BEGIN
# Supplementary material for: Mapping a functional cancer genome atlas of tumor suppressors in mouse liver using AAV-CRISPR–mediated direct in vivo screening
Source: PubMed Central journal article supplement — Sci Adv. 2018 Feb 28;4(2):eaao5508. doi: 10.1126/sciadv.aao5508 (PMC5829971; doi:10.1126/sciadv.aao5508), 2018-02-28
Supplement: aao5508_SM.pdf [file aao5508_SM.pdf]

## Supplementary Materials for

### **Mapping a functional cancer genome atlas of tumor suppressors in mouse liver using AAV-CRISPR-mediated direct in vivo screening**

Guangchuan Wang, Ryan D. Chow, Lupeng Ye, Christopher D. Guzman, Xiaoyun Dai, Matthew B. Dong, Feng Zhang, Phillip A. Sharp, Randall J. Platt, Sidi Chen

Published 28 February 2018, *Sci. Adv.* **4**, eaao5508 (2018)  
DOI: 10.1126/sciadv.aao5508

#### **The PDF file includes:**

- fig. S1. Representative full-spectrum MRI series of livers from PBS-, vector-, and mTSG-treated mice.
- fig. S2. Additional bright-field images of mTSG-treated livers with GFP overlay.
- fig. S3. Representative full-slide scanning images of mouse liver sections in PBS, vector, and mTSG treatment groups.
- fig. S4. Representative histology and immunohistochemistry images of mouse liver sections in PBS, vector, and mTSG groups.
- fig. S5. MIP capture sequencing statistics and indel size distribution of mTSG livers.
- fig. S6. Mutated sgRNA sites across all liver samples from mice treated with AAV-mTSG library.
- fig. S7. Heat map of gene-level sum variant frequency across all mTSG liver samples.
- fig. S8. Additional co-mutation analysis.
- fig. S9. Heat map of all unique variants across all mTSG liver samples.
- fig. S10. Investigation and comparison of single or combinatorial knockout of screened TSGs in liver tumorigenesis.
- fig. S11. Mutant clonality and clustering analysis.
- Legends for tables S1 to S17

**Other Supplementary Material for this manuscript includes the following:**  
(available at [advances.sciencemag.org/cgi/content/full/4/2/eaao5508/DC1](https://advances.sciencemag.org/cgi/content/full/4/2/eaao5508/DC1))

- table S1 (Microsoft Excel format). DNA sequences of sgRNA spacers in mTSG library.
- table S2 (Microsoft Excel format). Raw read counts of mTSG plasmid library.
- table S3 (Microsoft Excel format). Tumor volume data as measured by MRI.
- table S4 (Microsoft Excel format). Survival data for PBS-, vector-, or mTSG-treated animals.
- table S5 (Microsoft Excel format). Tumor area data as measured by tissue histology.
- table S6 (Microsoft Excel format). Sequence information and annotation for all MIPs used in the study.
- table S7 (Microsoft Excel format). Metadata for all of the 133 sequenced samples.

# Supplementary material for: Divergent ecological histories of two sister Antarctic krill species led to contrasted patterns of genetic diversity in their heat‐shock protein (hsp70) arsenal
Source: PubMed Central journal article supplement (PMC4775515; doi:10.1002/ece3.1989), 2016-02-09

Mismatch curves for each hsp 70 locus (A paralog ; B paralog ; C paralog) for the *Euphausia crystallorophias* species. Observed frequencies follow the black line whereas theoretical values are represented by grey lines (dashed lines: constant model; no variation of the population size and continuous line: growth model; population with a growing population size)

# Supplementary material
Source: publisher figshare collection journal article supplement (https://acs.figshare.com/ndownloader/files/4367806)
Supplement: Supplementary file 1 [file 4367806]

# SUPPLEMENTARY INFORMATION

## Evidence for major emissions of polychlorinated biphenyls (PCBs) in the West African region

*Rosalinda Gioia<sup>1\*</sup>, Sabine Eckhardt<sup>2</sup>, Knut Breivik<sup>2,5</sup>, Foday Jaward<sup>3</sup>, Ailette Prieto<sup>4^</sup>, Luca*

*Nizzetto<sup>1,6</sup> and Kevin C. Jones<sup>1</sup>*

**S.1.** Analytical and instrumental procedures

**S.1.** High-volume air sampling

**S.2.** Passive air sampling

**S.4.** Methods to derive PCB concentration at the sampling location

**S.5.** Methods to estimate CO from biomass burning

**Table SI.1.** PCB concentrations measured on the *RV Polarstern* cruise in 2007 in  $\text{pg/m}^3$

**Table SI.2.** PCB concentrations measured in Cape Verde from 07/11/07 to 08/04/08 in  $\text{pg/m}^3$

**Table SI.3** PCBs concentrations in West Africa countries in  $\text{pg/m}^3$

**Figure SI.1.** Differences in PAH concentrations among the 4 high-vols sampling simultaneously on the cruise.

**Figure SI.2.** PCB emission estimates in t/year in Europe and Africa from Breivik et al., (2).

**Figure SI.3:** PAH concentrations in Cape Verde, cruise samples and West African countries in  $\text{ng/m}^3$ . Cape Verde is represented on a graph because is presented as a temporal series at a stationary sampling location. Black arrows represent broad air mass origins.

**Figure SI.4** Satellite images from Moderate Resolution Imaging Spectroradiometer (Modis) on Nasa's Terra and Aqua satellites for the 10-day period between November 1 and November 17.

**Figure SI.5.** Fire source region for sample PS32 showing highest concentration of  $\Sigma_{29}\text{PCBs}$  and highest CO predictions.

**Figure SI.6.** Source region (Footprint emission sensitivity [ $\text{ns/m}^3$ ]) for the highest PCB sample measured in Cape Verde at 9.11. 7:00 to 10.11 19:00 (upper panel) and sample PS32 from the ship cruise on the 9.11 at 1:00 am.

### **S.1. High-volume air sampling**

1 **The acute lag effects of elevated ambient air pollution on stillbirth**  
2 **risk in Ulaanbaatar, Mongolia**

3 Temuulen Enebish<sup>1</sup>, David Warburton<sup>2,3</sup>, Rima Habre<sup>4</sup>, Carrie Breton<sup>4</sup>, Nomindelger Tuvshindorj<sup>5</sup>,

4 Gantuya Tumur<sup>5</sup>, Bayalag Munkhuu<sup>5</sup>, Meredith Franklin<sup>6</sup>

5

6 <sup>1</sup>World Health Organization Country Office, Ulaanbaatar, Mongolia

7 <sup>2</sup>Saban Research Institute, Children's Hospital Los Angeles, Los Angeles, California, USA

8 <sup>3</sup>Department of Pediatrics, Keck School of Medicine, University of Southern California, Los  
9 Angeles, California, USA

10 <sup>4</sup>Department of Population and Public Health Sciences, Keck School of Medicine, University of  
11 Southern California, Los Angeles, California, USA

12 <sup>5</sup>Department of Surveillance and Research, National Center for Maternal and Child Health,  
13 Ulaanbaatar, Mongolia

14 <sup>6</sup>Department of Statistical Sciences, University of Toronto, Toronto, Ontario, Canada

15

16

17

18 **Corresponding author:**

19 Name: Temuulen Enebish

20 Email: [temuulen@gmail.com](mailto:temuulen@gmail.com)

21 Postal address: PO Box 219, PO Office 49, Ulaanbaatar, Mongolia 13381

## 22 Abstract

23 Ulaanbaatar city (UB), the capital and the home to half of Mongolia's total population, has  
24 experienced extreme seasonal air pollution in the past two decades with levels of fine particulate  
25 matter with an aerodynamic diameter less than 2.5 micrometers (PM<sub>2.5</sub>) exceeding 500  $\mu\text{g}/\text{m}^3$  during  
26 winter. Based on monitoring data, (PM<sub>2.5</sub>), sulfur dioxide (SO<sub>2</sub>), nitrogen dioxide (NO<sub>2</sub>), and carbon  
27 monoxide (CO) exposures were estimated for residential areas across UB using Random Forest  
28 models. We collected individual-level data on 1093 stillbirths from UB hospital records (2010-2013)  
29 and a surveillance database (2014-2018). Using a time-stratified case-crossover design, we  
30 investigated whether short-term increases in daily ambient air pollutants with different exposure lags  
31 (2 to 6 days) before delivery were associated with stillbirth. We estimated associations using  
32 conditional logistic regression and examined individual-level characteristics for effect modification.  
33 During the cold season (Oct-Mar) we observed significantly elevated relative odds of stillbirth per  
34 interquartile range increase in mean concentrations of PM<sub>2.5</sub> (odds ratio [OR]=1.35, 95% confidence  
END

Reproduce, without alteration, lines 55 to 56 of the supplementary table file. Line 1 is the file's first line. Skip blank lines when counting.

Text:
### **S.1. High-volume air sampling**

1 **The acute lag effects of elevated ambient air pollution on stillbirth**  